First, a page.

Katerina Nikolaidou1 Benaz Mendewala1 Christine Hoffman3 Boaz Ilan3 Jennifer Lu2 Sayantani Ghosh1

1, Physics, University of California, Merced, Merced, California, United States
3, Applied Math, University of California, Merced, Merced, California, United States
2, Materials Science and Engineering, University of California Merced, Merced, California, United States

The recent re-emergence of luminescent solar concentrators (LSCs) as viable devices for solar energy harvesting can be attributed to the impressive progress in materials development and engineering. The resultant products have demonstrated effective broadband absorption, high external quantum yield (QY) and spectral properties that allow for almost negligible self-absorption (SA) losses. Our research has focused on investigating the ramifications of different active materials and device architectures on LSC performance, including efficiency and photostability. I will begin with a discussion of our work regarding the use of near infra-red lead sulphide (PbS) quantum dots (QDs) as in planar LSCs. The results of this study indicated that PbS LSCs generate nearly twice the photocurrent in silicon cells compared to a traditional dye and cadmium selenide QDs, achieving an integrated optical efficiency ηopt of 12.6%. This was primarily due to the broadband absorption of PbS, and a smaller overlap between the absorption and emission spectra, which reduces SA. However, despite the superior performance, PbS also exhibits a gradual and permanent photo-oxidation, which decreases the photocurrent at the rate of 0.1% per minute. Tuning the device architecture led to some improvements in PbS-based LSCs, as we demonstrated next, fabricating solid and hollow cylinders from a composite of QDs in polymethylmethacrylate. The experimental results were in good agreement with theoretical calculations, with hollow LSCs having a higher absorption of incident radiation and lower SA compared to solid cylindrical and planar geometries with similar geometric factors. In addition to optical efficiency almost thrice that of planar LSCs, these also exhibited improved photo-stability under both laboratory and external ambient conditions. Most recently, we have begun exploring the suitability of organic–inorganic hybrid perovskite (PVSK) thin films as the active medium in planar LSCs. PVSK compounds are at the forefront of photovoltaic research, and their high refractive index, broad absorption spectrum, and superior QY make them theoretically ideal candidates for LSCs. In practice, however, the possibility of high self-absorption in a continuous film, coupled with the inherent instability of PVSK materials, have hindered their use. Our results display an impressive ηopt in the range 15%–29% despite high SA losses, and the devices remain operational for up to seven weeks in ambient conditions. We attribute this to the high QY and refractive pushed the efficiency to 34.7%. Further, using 3D Monte Carlo simulations that incorporate our experimental results, we have demonstrated the possibility of scaling these LSCs up to almost 100 cm, thereby providing a route toward optimizing thin film PVSK materials for these and other optoelectronic and photovoltaic applications.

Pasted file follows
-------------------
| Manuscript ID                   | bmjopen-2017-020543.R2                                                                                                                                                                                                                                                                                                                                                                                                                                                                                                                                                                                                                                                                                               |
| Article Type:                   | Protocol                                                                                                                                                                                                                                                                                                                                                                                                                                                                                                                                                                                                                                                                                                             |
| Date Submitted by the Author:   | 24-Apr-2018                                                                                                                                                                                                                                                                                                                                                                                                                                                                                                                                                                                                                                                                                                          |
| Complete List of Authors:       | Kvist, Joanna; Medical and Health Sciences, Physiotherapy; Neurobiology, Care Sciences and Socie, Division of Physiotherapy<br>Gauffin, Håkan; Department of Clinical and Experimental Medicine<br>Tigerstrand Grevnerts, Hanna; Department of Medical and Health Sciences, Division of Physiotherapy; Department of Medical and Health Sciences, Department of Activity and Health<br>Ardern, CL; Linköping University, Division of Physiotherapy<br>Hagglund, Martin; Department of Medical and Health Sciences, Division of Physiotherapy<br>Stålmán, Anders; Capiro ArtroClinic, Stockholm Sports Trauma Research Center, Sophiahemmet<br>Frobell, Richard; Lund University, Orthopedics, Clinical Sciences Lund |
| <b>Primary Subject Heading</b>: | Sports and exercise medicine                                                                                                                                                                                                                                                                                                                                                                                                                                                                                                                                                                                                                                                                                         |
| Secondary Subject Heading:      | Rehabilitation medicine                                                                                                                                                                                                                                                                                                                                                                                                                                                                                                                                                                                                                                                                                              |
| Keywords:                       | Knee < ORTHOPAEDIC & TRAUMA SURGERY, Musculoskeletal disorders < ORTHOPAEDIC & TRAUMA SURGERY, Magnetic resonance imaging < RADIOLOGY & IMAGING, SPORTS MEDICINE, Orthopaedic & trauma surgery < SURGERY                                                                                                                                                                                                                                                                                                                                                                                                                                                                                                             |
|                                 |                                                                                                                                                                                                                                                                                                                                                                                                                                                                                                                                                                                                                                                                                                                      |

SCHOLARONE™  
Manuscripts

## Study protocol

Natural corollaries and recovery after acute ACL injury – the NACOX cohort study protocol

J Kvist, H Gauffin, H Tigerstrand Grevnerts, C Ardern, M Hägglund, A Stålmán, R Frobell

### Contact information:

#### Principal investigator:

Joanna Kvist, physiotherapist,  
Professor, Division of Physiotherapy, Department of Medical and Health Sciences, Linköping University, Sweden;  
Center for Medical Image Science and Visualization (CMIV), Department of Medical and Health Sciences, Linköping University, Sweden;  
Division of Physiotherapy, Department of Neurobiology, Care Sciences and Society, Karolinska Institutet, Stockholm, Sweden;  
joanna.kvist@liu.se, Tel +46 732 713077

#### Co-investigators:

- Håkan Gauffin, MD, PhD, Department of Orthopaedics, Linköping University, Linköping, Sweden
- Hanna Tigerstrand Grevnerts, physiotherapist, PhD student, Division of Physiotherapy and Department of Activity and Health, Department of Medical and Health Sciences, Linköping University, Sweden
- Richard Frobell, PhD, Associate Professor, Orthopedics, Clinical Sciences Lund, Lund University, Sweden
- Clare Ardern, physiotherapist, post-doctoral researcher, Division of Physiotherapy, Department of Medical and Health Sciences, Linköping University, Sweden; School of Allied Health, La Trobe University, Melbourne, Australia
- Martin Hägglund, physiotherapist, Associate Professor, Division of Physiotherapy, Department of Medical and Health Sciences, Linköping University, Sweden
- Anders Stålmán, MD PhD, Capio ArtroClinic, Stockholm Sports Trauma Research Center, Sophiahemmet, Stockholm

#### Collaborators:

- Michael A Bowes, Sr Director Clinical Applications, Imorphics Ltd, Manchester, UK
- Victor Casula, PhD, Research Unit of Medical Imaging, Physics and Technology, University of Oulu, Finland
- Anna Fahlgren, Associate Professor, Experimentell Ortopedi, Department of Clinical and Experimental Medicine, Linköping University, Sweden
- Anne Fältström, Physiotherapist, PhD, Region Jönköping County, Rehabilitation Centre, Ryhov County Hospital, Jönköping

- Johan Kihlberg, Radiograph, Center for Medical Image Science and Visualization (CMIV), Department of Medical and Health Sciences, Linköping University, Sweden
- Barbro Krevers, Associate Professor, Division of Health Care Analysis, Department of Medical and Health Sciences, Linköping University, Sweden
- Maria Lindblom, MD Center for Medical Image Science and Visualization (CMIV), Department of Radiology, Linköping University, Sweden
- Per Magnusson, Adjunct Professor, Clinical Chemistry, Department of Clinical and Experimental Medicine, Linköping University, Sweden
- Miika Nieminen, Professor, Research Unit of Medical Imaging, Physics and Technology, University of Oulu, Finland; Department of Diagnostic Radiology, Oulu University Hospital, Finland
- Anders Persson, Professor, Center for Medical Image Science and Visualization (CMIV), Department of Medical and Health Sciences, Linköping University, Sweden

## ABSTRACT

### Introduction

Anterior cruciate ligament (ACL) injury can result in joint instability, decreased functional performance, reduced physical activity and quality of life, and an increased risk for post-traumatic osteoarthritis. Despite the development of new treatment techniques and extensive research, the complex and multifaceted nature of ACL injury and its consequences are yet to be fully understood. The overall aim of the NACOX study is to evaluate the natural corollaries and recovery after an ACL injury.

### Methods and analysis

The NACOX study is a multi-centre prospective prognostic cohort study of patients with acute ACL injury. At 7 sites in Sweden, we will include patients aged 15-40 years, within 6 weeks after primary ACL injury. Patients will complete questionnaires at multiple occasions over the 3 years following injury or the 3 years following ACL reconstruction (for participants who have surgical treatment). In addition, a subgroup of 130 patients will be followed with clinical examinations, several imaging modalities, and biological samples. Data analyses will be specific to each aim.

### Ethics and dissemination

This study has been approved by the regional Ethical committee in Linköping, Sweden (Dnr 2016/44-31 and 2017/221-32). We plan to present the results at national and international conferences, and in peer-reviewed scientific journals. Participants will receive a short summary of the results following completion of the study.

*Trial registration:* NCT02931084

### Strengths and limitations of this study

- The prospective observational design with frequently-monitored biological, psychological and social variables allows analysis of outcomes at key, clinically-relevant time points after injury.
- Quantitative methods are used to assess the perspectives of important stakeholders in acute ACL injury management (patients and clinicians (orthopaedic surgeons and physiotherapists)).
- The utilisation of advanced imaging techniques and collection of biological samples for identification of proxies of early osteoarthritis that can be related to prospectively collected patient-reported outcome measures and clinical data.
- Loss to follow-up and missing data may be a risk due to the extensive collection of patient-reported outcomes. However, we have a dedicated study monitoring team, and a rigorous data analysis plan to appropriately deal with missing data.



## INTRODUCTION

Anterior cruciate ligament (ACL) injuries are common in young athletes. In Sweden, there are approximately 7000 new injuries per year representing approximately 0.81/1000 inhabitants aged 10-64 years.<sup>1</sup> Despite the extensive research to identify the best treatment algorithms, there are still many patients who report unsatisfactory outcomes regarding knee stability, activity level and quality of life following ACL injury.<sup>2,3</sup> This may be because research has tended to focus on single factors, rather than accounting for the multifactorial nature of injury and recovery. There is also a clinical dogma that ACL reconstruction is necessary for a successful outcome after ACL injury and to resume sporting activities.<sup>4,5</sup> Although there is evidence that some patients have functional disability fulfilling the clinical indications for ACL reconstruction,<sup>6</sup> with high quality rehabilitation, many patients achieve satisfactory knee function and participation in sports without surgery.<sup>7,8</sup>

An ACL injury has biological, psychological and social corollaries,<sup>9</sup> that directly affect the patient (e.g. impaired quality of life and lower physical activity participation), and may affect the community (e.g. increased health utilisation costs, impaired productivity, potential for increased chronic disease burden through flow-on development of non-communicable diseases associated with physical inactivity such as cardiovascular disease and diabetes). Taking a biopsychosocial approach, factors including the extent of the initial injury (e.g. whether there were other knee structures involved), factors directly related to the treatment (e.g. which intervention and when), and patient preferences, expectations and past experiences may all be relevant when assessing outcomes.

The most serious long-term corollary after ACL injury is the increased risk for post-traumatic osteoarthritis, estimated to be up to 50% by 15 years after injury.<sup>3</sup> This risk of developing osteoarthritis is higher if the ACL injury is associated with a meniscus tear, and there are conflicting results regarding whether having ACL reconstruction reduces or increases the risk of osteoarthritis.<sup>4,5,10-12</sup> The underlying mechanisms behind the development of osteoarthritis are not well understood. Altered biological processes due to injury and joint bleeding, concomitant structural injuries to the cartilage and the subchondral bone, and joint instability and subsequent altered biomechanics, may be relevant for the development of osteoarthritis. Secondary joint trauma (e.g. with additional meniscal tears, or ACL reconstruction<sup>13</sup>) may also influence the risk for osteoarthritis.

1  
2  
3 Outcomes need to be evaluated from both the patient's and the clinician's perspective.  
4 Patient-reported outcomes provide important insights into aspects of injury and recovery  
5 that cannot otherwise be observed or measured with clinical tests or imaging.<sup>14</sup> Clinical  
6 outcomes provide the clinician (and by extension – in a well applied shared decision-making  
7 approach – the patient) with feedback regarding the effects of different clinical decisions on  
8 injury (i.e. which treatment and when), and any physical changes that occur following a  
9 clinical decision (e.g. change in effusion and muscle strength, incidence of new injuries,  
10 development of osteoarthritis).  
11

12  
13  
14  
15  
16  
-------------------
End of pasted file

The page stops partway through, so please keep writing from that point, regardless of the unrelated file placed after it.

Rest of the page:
This work was supported by funds from the National Aeronautics and Space Administration grant no. NNX15AQ01A.